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Adding computer science to surgical training

Problem Solved: university research answering today's challenges

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Alliance universities make a significant contribution to research that affects our health and wellbeing.

Given the tremendous diversity of expertise that exists in any university, many of them are able to conduct groundbreaking research that spans a range of disciplines and techniques. And with a consistently open approach, they ensure that research is conducted in partnership with practitioners and experts from outside of university life.

This open approach is apparent when you talk to researchers in computer graphical simulation at Bournemouth University who, in partnership with consultant surgeons from Bournemouth and Poole hospitals, are developing a virtual reality based simulator that allows trainee doctors to learn their techniques by operating on a virtual patient.

Colorectal cancer is a life threatening disease and one of the most common cancers. Surgery remains the most common treatment option with 80% of patients undergoing an invasive procedure. Due to the complexity of the anatomy and the delicate structure of the bowel, removing the cancerous tissue fully and cleanly is a very skilful job. Recent research into relapse rates highlights the importance of a specialist colorectal surgeon in effective treatment. However, such skills are born of experience. The reality is that many new doctors gain these skills, in this country, by operating directly on patients which presents both a risk to the patient and inevitably prolongs the training period for capable surgeons.

Researchers in computer graphical simulation at Bournemouth University who, in partnership with consultant surgeons from Bournemouth and Poole hospitals, are developing a virtual reality based simulator that allows trainee doctors to learn their techniques by operating on a virtual patient.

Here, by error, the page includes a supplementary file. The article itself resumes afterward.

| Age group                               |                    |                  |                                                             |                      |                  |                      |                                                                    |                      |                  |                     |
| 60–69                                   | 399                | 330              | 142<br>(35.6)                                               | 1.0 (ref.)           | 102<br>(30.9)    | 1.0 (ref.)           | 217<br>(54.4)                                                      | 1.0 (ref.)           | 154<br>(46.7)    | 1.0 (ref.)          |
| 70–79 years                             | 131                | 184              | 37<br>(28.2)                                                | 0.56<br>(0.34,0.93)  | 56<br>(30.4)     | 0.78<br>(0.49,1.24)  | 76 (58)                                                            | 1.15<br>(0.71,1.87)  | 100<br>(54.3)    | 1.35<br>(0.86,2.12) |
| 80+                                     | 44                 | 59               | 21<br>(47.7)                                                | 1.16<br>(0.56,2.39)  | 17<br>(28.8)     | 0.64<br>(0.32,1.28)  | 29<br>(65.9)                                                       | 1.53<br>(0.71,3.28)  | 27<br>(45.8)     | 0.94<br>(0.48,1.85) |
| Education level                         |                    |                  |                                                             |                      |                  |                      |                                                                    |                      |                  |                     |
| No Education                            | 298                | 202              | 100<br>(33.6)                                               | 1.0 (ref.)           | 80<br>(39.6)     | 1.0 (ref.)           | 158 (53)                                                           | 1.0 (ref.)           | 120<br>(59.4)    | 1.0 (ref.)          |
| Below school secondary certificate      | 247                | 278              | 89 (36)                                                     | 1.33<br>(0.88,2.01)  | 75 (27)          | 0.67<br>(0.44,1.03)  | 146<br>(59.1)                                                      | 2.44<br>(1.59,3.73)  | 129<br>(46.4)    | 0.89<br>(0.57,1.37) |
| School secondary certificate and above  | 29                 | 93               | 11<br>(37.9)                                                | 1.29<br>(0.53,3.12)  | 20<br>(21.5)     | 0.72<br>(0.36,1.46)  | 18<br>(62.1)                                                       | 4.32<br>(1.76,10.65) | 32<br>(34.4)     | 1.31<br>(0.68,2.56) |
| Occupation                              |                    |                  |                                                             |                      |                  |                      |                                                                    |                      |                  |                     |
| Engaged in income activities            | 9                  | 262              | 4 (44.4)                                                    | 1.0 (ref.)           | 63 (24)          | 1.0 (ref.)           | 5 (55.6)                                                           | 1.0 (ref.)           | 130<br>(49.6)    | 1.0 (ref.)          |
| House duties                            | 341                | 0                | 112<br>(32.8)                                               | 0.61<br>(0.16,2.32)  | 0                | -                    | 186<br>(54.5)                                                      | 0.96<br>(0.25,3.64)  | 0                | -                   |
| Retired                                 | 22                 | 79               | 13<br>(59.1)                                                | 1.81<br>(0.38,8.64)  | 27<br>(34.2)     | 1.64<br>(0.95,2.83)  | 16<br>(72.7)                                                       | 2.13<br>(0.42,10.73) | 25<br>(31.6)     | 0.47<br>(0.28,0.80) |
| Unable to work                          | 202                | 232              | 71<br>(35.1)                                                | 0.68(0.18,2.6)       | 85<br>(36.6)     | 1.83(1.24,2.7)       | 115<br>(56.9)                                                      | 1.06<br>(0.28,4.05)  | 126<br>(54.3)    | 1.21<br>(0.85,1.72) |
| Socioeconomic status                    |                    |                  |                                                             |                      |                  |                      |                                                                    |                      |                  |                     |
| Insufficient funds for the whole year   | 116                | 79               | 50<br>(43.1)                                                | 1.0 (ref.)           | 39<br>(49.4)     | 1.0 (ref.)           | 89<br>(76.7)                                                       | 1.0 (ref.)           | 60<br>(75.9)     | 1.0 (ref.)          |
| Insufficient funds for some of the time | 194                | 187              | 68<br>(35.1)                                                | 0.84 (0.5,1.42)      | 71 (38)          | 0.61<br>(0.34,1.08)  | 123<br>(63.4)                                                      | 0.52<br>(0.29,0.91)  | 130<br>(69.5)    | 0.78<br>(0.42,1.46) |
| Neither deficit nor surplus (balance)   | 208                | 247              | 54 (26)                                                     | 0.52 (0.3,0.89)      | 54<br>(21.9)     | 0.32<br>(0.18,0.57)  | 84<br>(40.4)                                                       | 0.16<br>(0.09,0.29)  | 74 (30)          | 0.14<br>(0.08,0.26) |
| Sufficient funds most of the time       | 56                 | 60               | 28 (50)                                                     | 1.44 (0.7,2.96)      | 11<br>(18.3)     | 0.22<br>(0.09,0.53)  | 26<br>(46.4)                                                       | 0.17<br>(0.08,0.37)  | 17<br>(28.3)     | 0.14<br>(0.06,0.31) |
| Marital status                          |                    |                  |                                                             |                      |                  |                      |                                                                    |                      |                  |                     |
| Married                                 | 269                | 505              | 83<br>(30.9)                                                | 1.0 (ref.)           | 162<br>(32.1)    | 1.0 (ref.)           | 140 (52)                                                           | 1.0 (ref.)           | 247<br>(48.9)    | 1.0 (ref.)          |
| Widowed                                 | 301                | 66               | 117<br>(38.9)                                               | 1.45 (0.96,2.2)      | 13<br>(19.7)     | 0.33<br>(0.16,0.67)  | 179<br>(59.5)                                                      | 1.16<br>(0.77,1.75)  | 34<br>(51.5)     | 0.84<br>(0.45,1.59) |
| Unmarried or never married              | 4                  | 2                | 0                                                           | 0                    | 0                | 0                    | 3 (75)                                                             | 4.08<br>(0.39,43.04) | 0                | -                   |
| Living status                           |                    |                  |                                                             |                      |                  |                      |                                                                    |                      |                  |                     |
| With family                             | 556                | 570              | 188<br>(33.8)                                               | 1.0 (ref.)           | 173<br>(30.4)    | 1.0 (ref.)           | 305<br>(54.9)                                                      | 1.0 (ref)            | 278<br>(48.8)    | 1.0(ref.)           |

There are already some computer assisted surgery simulators available. However these have primarily been for operations where there are only small movements and small deformations of soft tissue. Bowel cancer surgery is very different and a lot more complicated. To be effective as a training tool, the graphical representation, the sensation of force (haptic feedback) the trainee experiences and the deformation response of the soft tissue need to be realistic. Accurate representation of these elements is incredibly complex. This is why no such other simulators currently exist and why the system that has been developed through this research is one of a kind.

Dr Taz Quershi spoke passionately about his involvement with this research project: “I was appointed as a Consultant Laparoscopic (keyhole) Surgeon at Poole Hospital NHS Foundation Trust, tasked with introducing new laparoscopic techniques to the hospital. I now train other surgeons, both junior and established Consultant Surgeons on how to perform Laparoscopic surgery.

The collaborative project started in 2009 with Bournemouth University and their national centre for computer animation at the media school. This has enabled surgeons to be involved at the very beginning of its development.

The collaboration has meant that we have addressed the difficult challenges posed by this research together as clinicians and computer specialists, which has been really illuminating and a real privilege.

Once completed, we would hope our simulator will be attractive to the surgical profession not just in this country but internationally.”

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